Fill the Curb Your Enthusiasm-sized hole in your heart with Andrea Savage’s punch-drunk sitcom about family, marriage, parenting, and the scarce moments adult life affords for true bliss. Season 1 lifted heavily from Savage’s own life, while season 2 delves into deeper, more awkward territory. The writer and star is a pro when it comes to slinging foul language and R-rated musings — after her mom nip-slips in the public pool, Andrea tells her husband (Tom Everett Scott), “Do you see a family resemblance in the nipples? Because I’ve always thought I’ve taken after my father in that way” — but the show hits another level whenever “Andrea” stumbles into unwindable territory. In one season 2 episode, Savage’s alter ego accidentally emails her daughter’s kindergarten a sexually explicit email that, for the impressionable, should not be reprinted here. Dealing with it is a horror show for Andrea, but a pleasure for those of us tuning into I’m Sorry. —MP

Watch on truTV
Stream on Netflix

She-Ra, voiced by Aimee Carrero.
She-Ra, voiced by Aimee Carrero.
Netflix

She-Ra and the Princesses of Power

After spending the first season laying down exposition and getting every character where they needed to be, She-Ra and the Princesses of Power spent the next season focusing on the specific character dynamics, while still sprinkling in greater worldbuilding. The power of friendship continues to be a theme throughout all-ages animation, but She-Ra explores nuances of these relationships, not shying away from feelings of inferiority, emotional abuse, and neglect. It makes the world-ending stakes even higher, especially when the villains have reason for sympathy. —PR

Stream on Netflix

Pike (Anson Mount) and Michael Burnham (Sonequa Martin-Green) in Star Trek: Discovery.
Pike (Anson Mount) and Michael Burnham (Sonequa Martin-Green) in Star Trek: Discovery.
CBS

Star Trek: Discovery

Discovery’s sophomore season only improves from its divisive first, incorporating plenty of the familiar as it continues to deliver on the true mandate of every Trek: To boldly go where no Trek series has gone before. With the threat of the Klingon-Federation war no longer raging, Discovery season 2 has the time for monster-of-the-week style episodes and fleshing out the characters of the bridge crew, and takes full advantage. Peacetime also allows the series to embrace its Federation roots more, particularly by adding characters like Captain Pike and even Lieutenant Spock to the cast.

But, and not to spoil anything, the second season also launches Discovery into the great unknown, in an ending that will either leave you tantalized, or simply confused, about where season 3 could take our beloved crew. —SP

Stream on CBS All Access

As Amy looks skeptical, Jonah attempts to wrap her up in toiler paper as their coworkers do the same to each other.
Amy (America Ferrera) and Jonah (Ben Feldman) attempt a toilet paper mummification.
NBC

Superstore

Superstore is technically a show about what it’s like to work in a big-box store, but at its heart, it is truly a show about people. Everyone working at Cloud Nine has their own struggles, but Superstore makes viewers care about subjects like teen pregnancy while leaning into the fact that its employees are a barely functioning train wreck. Over the years, the show has perfected the dynamics between different characters, and it’s a joy to watch them all together, trying to make things work as the company cuts costs and starts nonsensical initiatives. This is a show that understands how much it sucks to have a low-end job in 2019 — and it recognizes that the only way to get through it is to lean on each other.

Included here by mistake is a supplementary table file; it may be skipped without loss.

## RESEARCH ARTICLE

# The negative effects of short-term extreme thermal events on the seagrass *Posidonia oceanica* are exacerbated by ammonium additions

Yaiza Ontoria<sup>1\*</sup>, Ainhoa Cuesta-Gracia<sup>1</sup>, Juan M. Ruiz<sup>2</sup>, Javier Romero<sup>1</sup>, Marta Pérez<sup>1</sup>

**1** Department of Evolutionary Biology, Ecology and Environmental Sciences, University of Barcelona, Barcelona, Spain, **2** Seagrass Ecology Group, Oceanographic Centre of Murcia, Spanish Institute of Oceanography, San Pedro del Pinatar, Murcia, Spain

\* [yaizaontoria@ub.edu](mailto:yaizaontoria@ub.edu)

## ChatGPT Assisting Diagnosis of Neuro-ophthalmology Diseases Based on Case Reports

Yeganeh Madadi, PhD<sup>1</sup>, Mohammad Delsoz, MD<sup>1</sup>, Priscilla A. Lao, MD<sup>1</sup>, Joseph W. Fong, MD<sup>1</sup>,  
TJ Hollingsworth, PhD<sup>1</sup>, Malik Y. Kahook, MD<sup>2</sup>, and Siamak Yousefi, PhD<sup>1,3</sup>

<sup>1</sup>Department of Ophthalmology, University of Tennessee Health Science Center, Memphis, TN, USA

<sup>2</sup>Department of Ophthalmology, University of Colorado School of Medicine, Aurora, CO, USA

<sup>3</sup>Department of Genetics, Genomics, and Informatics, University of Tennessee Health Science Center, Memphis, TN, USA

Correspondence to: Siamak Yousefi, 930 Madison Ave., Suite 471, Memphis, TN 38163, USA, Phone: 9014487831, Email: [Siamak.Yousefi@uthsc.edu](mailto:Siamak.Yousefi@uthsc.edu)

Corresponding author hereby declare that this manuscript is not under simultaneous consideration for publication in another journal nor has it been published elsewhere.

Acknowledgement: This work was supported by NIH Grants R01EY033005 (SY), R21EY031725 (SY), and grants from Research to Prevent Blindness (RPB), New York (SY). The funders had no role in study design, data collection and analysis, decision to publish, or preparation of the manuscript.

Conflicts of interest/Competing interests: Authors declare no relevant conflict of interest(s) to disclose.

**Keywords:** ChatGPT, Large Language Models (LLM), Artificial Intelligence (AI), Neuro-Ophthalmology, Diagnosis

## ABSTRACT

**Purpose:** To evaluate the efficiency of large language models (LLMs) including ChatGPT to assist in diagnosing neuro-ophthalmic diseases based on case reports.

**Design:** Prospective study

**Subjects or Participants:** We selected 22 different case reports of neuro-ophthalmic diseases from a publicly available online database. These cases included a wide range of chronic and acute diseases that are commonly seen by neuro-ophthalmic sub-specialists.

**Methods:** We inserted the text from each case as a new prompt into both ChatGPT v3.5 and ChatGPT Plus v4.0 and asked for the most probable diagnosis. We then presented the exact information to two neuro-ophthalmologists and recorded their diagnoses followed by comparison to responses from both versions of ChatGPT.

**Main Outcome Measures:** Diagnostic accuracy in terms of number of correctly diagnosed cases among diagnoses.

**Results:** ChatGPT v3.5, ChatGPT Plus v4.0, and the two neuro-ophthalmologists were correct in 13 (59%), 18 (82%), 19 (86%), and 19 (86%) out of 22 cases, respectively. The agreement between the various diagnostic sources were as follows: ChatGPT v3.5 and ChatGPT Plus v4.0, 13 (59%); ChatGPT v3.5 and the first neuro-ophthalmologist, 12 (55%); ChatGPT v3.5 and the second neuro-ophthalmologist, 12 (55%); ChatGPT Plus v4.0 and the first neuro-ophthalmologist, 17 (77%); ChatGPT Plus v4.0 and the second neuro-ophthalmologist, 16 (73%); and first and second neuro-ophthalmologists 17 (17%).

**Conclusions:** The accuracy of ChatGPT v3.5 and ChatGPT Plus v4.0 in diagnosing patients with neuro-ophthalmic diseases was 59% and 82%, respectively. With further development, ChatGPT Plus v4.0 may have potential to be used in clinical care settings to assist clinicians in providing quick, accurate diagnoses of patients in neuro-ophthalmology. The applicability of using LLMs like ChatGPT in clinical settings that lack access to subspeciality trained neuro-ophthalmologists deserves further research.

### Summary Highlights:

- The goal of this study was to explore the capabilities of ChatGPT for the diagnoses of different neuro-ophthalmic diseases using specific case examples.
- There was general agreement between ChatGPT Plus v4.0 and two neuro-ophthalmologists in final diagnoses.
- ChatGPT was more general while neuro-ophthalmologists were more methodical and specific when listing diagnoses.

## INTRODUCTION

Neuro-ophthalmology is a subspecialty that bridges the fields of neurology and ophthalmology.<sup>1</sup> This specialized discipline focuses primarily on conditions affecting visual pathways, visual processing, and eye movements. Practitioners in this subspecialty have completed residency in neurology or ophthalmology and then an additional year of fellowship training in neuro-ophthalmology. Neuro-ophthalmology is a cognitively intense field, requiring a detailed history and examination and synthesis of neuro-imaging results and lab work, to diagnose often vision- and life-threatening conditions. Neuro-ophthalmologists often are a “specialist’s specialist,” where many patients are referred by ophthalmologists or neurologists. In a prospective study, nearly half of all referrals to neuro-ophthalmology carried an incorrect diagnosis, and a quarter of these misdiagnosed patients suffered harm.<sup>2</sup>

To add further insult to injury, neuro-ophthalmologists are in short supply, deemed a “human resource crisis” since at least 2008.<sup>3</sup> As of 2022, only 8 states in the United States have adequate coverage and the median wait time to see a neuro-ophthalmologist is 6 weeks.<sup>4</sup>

In season four, Amy (America Ferrera) works her way up to store manager, which opens the show up to a tackle a wider set of considerations than ever before. Perhaps most notably, Superstore’s ongoing undocumented immigration storyline comes to a head this season. With the current political climate in America, Superstore’s handling of the topic isn’t just current — it feels necessary. Plenty of shows can make you laugh. Superstore is the rare program that actually stands for something while also being funny and smart as hell. —PH

Watch on NBC
Stream on Hulu

The gathered cast of Terrace House: Opening New Doors.
The gathered cast of Terrace House: Opening New Doors.
Photo: Netflix

Terrace House: Opening New Doors

Terrace House: Opening New Doors takes the Real World-like reality TV series back to mainland Japan this season, settling in the town of Karuizawa. A rotating cast of three men and three women live in a house together, some to find love and others to work on their careers. Once a cast member feels they’ve accomplished their goal or wants to move out, they do so whenever they want and a new person fills their place. In between segments of their lives, a panel of hosts and comedians offer colorful (and highly relatable) commentary. Terrace House isn’t your typical expletive-laden reality TV fare; it’s an earnest look at housemate life, social dynamics in Japan, and what happens sometimes when those dynamics are tested. —AO

Stream on Netflix

Jimmy and Gretchen stand back-to-back on a dark street, lit by colorful lamps.
Jimmy (Chris Geere) and Gretchen (Aya Cash).
FXX

You’re the Worst

You’re The Worst doesn’t just upend everything you know about romantic comedies — it will make you question how you love others in your day-to-day life. At this point, “will they or won’t they” is a tired subject, but You’re the Worst makes it feel new by digging deep into what it’s like to maintain a relationship in the face of long-standing trauma and mental health struggles. It is the only show I’ve ever watched that materially represents what an actual relationship looks like, free of cliche or unlikely situations. And, without spoiling too much, it is also a show that recognizes that our most meaningful, life-shattering relationships aren’t romances — they’re friendships.

If nothing else, the final season of You’re the Worst is worth watching to see Aya Cash’s incredible (and heartbreaking) performance as Gretchen Cutler. I had to rewind key scenes multiple times just to digest the rawness of Gretchen’s hurt. Months later, I’m still thinking about her. —PH

Stream on Hulu